A few years prior to the movie's namesake, audiences are treated to a big but not completely dumb End-of-the-World flick that itself is far from being a disaster, even if anyone who seems hellbent on faulting it for not being the next Gone With the Wind would otherwise have people believe. No, 2012 isn't Gone With the Wind -- nor does it want to be -- but darn it if it isn't big, fun, and even a bit moving in places, a perfect popcorn movie that's everything it promises to be and even just a little bit more but without reaching for unattainable or unreasonable heights. 2012 has its flaws -- few movies don't -- but they're easy to ignore considering they're positively dwarfed by the film's scope, scale, special effects, sound, and even just a little bit of heart amidst the disaster movie clichés and formula construction. 2012 is easy to dismiss outright but hard not to enjoy once the lights dim and the curtains open, Director Roland Emmerich's picture the bearer of bad news but the bringer of one of the year's most entertaining and surprisingly effective movies. Sony's Blu-ray release does the film proud, the three-disc set featuring an excellent 1080p transfer, a stunner of a lossless soundtrack, and a host of extra content. Why not pick up a copy of 2012 on Blu-ray; in a couple of years, it won't matter anyway. Right?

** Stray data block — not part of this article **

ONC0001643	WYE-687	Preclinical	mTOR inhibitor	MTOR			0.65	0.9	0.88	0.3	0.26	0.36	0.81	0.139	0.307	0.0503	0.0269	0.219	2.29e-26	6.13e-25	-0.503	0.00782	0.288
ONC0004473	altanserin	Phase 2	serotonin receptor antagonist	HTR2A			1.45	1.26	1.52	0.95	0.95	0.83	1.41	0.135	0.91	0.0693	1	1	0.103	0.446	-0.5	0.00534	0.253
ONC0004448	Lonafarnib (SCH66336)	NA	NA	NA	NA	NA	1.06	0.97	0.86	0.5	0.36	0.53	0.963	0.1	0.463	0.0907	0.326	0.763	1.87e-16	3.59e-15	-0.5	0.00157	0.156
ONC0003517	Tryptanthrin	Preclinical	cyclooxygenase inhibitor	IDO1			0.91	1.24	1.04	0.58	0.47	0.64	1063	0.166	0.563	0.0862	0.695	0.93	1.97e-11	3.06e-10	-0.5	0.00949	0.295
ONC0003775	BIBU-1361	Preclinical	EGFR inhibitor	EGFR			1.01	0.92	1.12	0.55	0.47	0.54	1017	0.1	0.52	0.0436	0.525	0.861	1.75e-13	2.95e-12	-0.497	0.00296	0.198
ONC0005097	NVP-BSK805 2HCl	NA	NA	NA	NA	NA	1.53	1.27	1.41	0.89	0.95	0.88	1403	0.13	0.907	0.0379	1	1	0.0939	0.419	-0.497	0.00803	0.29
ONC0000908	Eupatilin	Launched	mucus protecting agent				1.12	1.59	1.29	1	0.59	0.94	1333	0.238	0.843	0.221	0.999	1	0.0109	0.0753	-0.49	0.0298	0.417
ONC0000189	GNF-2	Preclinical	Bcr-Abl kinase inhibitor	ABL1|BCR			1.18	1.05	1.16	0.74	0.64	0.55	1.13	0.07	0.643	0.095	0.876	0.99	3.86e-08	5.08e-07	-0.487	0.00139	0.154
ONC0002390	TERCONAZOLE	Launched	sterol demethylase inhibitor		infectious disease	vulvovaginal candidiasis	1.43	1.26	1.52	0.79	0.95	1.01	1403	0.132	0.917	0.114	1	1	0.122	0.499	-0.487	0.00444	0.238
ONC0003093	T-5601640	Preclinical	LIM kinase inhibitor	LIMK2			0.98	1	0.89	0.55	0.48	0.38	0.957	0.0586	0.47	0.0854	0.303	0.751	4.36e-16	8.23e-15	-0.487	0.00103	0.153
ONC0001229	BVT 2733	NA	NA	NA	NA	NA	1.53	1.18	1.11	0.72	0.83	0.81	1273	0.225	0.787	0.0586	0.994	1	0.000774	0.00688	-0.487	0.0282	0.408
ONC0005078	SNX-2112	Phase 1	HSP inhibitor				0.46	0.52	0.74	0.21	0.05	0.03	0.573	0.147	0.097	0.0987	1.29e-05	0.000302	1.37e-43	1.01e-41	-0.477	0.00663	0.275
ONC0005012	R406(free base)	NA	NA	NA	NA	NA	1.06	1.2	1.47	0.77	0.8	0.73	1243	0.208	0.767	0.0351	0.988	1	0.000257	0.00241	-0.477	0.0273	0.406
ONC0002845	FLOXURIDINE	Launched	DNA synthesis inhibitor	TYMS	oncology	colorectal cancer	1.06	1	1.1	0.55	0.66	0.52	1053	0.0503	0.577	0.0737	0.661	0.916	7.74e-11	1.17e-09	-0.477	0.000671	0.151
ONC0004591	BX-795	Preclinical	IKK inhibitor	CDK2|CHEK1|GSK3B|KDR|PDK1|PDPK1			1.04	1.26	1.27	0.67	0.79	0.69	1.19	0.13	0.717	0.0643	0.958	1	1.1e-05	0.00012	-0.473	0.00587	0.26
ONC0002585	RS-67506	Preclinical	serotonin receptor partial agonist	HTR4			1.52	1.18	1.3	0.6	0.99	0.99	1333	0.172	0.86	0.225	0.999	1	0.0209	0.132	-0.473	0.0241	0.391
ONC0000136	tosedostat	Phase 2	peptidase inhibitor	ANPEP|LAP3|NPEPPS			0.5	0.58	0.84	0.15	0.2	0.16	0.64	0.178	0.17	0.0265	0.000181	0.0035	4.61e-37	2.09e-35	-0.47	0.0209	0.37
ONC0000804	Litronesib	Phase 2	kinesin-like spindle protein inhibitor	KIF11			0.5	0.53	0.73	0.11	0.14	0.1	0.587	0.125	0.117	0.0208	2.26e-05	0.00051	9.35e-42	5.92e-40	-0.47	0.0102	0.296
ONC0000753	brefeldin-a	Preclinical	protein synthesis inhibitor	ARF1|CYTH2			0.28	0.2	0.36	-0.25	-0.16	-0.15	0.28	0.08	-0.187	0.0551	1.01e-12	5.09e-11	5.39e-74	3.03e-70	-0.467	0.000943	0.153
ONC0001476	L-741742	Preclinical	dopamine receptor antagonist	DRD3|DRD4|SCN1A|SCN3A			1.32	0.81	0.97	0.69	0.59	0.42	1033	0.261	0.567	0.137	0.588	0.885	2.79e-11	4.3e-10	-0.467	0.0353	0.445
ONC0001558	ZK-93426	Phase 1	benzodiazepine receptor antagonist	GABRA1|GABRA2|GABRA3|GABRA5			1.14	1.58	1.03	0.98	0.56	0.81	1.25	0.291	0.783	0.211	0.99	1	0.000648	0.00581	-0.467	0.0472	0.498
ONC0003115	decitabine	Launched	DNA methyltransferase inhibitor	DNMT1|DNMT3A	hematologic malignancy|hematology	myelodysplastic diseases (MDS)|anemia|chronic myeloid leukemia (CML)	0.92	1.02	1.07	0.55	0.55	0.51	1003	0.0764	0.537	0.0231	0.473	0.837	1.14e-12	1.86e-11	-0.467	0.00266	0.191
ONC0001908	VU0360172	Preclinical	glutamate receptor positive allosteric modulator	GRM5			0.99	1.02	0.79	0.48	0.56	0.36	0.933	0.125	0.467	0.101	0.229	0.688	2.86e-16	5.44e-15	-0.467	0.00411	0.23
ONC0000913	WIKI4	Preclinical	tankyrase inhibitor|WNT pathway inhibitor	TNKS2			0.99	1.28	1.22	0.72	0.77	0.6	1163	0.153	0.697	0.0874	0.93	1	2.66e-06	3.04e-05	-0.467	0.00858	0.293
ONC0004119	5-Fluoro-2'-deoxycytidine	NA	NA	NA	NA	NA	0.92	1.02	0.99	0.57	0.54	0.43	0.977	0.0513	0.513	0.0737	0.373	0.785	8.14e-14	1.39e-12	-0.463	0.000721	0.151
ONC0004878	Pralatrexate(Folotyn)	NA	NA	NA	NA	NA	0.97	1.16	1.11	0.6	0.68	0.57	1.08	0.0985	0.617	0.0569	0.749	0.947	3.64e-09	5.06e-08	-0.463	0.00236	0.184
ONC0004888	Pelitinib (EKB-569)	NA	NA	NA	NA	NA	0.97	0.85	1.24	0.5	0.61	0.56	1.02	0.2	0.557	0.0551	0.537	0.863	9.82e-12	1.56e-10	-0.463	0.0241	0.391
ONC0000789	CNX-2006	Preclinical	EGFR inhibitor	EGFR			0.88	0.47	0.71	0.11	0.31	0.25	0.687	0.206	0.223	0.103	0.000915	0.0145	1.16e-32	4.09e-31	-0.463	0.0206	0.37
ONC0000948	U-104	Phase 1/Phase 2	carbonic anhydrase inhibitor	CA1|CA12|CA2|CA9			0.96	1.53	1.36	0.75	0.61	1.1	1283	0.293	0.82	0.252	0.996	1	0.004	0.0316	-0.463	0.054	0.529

2012: Other Editions
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2012 Blu-ray, News and Updates
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Sherlock Holmes was the top selling title on Blu-ray during the week ended April 4, according to Nielsen VideoScan. Guy Ritchie's reimagining of the world-famous English detective sold nearly three times as many BD copies as number 2, Alvin and the Chipmunks: The ...
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• Blu-ray Sales, March 15-21: New Moon Shines - March 25, 2010
The Twilight Saga: New Moon was the top-selling title on Blu-ray during the week ended March 21, according to Nielsen VideoScan. Despite the "female-driven nature of the franchise" (to quote Summit's home entertainment president Steve Nickerson), 17% of the 4 million-plus ...